Animal testing could end in America by 2035, announces EPA
08/28/2020 // Divina Ramirez // Views

The debate surrounding the practice of testing using animals had remained a stalemate for the longest time. The Environmental Protection Agency (EPA), however, has finally stepped in and announced that it will stop requiring animal testing on the chemicals it evaluates come 2035.

The announcement garnered strong reactions from both scientific circles and animal rights groups. Those in opposition to animal testing applauded the EPA’s decision, citing the antiquated methods and inaccurate results of animal testing as grounds enough for the ban.

But scientists in support of animal testing blasted the decision, arguing that a ban nullifies its role in keeping dangerous chemicals from getting into consumer products. Others argued it remains the sole testing process robust enough to gauge the impact of chemicals on people of different ages, genetics and health backgrounds.

Nonetheless, the EPA remains optimistic that its hard 2035 deadline affords scientists enough time to enhance existing non-animal testing techniques.

Ban on animal testing elicits strong reactions from both pro and anti groups

Experts estimate that hundreds of thousands of animals are killed every year in trials and experiments designed to gauge the safety and efficacy of substances for human use. For instance, the EPA is one of several agencies that rely heavily on animal testing to evaluate chemicals in products like pesticides.

But on top of ethical issues surrounding the topic of animal testing, results of animal tests are often unreliable and misleading, said Justin Goodman, a member of the animal rights group the White Coat Waste Project.


The EPA has also admitted that animal testing is expensive and time-consuming. Therefore, testing methods that do not use animals could help researchers evaluate chemicals faster and more accurately, at a fraction of the cost.

In addition, facilities and laboratories that engage in animal testing also often dispose of chemicals and other supplies used during the testing process. Critics argue that these substances contribute to pollution. Therefore, the EPA’s decision might also have positive implications for the environment, added Goodman.

But not all environmental advocates share the same sentiments. Jennifer Sass, a senior scientist at the environmental group the Natural Resources Defense Council, expressed grave concern over the recent announcement.

Scientists need animal testing to study health conditions that are still not fully understood, such as cancer and infertility, said Sass. Cells in Petri dishes also cannot stand for entire animals, she added.

Sass also expressed concerns that the decision is going to give the chemical industry too much control over developing non-animal testing methods that might lack scientific rigor. Most non-animal tests are done by contractors, and this can make it difficult for experts to evaluate the methods used to test chemicals, she added.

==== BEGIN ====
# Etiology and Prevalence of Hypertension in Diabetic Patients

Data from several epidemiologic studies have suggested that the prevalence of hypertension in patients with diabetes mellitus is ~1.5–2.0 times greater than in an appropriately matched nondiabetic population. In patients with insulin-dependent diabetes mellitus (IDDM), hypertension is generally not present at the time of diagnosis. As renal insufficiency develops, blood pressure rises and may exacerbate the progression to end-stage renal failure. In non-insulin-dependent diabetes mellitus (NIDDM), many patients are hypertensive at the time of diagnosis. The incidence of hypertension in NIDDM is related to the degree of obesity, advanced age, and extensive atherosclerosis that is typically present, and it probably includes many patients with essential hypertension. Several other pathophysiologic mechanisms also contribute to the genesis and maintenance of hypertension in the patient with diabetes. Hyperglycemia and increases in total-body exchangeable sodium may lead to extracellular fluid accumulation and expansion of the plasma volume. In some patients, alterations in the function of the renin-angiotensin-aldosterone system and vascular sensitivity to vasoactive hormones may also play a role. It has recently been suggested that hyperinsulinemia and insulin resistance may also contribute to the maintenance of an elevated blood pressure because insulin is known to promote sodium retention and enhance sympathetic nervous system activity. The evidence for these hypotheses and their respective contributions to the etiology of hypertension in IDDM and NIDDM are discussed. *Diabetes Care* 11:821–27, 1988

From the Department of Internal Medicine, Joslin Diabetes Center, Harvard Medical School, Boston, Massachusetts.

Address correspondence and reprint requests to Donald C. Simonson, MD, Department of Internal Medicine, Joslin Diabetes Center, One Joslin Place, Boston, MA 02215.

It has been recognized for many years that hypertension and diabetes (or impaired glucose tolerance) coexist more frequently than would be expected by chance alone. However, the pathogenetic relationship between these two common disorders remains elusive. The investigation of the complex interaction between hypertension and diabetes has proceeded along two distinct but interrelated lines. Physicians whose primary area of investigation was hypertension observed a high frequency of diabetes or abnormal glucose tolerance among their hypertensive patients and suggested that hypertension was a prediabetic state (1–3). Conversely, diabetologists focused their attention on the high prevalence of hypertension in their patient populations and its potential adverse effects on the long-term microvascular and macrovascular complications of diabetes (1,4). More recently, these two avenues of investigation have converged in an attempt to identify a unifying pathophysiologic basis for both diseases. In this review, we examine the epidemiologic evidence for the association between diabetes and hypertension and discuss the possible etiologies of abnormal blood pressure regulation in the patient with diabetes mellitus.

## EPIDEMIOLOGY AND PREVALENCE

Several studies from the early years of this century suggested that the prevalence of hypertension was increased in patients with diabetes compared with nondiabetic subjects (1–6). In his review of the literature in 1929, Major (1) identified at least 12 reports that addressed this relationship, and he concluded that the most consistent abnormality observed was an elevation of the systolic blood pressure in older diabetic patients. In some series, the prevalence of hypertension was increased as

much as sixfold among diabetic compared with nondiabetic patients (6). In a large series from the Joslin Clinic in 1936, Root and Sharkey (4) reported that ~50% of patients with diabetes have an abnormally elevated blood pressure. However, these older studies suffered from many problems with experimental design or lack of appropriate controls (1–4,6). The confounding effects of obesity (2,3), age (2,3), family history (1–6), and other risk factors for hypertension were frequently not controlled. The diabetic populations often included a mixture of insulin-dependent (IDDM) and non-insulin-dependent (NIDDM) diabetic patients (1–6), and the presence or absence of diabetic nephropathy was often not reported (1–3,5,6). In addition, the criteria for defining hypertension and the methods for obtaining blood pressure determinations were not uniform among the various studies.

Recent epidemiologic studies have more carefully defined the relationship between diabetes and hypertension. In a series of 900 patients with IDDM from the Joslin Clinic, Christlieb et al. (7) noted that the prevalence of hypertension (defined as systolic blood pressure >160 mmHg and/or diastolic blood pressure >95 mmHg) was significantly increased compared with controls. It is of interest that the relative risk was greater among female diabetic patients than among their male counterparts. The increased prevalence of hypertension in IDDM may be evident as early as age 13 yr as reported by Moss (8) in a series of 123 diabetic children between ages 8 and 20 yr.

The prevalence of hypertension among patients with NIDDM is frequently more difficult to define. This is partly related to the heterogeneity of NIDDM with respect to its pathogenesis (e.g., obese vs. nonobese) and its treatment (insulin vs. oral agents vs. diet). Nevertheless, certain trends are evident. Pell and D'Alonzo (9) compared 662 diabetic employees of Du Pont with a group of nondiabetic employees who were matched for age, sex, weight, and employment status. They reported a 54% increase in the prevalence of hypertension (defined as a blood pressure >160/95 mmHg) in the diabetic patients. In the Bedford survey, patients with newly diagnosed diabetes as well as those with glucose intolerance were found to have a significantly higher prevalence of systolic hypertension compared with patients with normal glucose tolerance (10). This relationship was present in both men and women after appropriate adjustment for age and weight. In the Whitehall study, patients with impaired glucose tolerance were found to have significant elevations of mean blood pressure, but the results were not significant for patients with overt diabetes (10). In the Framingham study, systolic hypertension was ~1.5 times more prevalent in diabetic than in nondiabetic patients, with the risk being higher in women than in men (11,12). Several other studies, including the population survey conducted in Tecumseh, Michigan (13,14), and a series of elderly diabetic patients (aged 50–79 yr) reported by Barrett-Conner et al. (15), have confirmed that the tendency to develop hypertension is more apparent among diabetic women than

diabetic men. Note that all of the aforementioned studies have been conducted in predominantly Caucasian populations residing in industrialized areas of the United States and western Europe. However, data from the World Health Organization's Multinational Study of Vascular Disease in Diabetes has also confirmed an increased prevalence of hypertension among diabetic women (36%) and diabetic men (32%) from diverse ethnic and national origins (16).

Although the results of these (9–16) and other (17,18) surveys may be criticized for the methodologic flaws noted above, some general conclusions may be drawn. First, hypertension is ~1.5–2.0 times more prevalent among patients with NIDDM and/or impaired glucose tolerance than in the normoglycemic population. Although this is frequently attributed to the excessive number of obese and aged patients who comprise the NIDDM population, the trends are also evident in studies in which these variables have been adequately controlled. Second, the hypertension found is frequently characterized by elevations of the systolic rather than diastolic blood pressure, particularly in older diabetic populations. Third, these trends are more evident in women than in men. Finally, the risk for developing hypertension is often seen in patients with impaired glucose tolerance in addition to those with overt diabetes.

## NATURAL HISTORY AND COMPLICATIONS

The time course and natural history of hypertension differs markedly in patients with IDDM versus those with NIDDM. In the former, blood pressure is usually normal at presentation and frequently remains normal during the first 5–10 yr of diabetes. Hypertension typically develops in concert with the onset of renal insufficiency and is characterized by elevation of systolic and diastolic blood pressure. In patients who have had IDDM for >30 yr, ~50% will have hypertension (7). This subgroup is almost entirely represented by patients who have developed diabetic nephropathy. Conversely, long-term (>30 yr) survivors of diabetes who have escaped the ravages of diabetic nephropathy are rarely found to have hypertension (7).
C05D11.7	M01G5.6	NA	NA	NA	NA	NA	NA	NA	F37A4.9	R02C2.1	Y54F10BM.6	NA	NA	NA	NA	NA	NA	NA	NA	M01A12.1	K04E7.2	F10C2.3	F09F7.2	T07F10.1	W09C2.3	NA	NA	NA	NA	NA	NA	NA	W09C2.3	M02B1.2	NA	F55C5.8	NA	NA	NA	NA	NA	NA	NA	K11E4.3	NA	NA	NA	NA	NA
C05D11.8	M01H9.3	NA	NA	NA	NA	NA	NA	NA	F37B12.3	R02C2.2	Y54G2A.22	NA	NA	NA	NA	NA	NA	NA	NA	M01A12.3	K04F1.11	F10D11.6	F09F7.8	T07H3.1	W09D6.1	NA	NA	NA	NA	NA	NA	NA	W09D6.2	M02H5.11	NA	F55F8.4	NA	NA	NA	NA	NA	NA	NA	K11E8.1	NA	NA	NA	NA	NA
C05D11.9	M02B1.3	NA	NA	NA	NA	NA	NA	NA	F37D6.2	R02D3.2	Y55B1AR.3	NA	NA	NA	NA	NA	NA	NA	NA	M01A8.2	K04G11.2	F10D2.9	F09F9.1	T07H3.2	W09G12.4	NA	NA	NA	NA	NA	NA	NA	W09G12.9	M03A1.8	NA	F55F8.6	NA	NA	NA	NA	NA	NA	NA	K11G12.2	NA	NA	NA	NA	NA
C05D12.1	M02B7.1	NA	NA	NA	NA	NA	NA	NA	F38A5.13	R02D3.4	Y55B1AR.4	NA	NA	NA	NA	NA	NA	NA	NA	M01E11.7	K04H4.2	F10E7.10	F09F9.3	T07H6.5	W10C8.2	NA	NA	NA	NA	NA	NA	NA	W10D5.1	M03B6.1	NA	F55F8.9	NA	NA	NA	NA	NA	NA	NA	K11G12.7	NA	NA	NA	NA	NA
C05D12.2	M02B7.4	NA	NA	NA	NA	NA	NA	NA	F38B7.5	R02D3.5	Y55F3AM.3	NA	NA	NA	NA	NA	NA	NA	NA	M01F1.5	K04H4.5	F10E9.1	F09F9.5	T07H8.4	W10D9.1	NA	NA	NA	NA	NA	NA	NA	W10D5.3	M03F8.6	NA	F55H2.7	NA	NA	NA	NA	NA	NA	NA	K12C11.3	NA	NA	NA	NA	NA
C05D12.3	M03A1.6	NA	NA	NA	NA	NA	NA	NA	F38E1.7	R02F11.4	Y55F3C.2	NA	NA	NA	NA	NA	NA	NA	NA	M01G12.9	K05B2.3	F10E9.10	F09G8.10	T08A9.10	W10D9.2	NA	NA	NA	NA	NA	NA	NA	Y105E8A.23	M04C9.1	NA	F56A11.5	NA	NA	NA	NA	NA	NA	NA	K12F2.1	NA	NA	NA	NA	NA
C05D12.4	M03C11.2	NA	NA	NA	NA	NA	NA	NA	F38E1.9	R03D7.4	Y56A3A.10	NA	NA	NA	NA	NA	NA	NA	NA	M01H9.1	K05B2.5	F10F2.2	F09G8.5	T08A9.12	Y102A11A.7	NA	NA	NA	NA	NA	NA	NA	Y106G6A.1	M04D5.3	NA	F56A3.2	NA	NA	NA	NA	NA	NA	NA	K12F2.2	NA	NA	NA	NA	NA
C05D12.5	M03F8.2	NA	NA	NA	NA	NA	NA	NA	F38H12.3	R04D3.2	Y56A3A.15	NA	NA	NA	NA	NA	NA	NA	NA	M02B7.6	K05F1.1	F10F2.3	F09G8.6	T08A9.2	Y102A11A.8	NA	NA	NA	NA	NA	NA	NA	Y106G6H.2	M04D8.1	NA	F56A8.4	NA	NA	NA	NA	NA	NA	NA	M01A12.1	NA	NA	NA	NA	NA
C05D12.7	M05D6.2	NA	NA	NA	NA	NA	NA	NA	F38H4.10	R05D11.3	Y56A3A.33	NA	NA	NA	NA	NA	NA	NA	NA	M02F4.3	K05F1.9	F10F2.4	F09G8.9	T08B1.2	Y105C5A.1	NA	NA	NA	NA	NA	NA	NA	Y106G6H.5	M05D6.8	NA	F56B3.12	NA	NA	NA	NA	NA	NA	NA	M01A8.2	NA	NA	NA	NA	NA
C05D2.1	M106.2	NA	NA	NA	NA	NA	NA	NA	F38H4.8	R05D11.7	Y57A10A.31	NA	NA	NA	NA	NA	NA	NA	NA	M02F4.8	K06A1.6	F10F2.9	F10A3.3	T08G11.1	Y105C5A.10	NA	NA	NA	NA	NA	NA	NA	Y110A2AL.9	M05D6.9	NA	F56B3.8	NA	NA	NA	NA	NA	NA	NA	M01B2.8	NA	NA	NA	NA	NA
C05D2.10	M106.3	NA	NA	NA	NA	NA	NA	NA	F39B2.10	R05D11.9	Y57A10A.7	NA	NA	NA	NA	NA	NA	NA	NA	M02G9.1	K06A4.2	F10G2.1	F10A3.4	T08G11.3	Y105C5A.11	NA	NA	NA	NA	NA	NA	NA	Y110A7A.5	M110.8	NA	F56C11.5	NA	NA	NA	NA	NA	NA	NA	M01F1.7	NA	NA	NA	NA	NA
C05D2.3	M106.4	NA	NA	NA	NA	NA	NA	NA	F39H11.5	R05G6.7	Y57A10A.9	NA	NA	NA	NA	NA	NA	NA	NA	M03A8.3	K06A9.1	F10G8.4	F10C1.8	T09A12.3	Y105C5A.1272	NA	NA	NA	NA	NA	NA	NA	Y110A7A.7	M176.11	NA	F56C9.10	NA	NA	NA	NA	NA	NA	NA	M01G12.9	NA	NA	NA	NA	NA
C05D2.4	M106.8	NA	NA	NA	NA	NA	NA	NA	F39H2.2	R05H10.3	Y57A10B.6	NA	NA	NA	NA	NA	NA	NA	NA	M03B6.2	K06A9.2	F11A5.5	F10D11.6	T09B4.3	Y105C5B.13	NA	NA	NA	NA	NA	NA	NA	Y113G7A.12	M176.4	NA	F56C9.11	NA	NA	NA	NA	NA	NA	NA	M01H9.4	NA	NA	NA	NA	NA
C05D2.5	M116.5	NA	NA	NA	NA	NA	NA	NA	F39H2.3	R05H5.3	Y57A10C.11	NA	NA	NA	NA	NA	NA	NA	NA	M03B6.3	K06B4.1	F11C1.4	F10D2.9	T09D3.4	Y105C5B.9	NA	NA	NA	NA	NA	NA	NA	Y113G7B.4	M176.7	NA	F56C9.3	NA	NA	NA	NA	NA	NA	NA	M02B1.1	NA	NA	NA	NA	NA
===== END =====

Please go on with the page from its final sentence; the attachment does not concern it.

Ann Bartuska, an ecologist and a senior official at the Department of Agriculture, noted that Sass raised important points. She said that non-animal testing methods need to be transparent so that experts can evaluate their safety and efficacy.

Bartuska added that although it’s important to be cautious, something still has to change. She said that the EPA has set a long enough deadline to ensure that scientists can test and develop non-animal alternatives before it bans animal testing.

In fact, the EPA already announced plans to invest $4.25 million in developing modern means of testing, such as computer programs and the so-called “organ-on-a-chip” – a testing technique that involves cultivating human cells on computer microchips to mimic entire organs.

The EPA could set a precedent for other agencies

Other groups opposed to animal testing have also lauded the decision for its potential to act as a precedent for agencies that still use animal testing.

Both the Food and Drug Administration (FDA) and the National Institutes of Health (NIH), for instance, have also been looking to reduce or replace animal testing altogether.

That said, FDA spokesperson Tara Rabin said in a recent statement that the agency plans to continue using animal testing because of its importance in certain research areas, like life-threatening diseases.

On the other hand, the NIH announced in 2015 that it plans to stop research on chimpanzees and release its 50 laboratory chimpanzees to a sanctuary.

Scientists are still far from creating safe and efficient non-animal testing methods. Nonetheless, the EPA’s decision has great potential to encourage other agencies and organizations to reduce their reliance on animal-based studies and their use of animal testing. (Related: Animal drug testing can be a thing of the past; scientists now 3D-printing embryonic stem cells.)

Read more articles about non-animal testing techniques at

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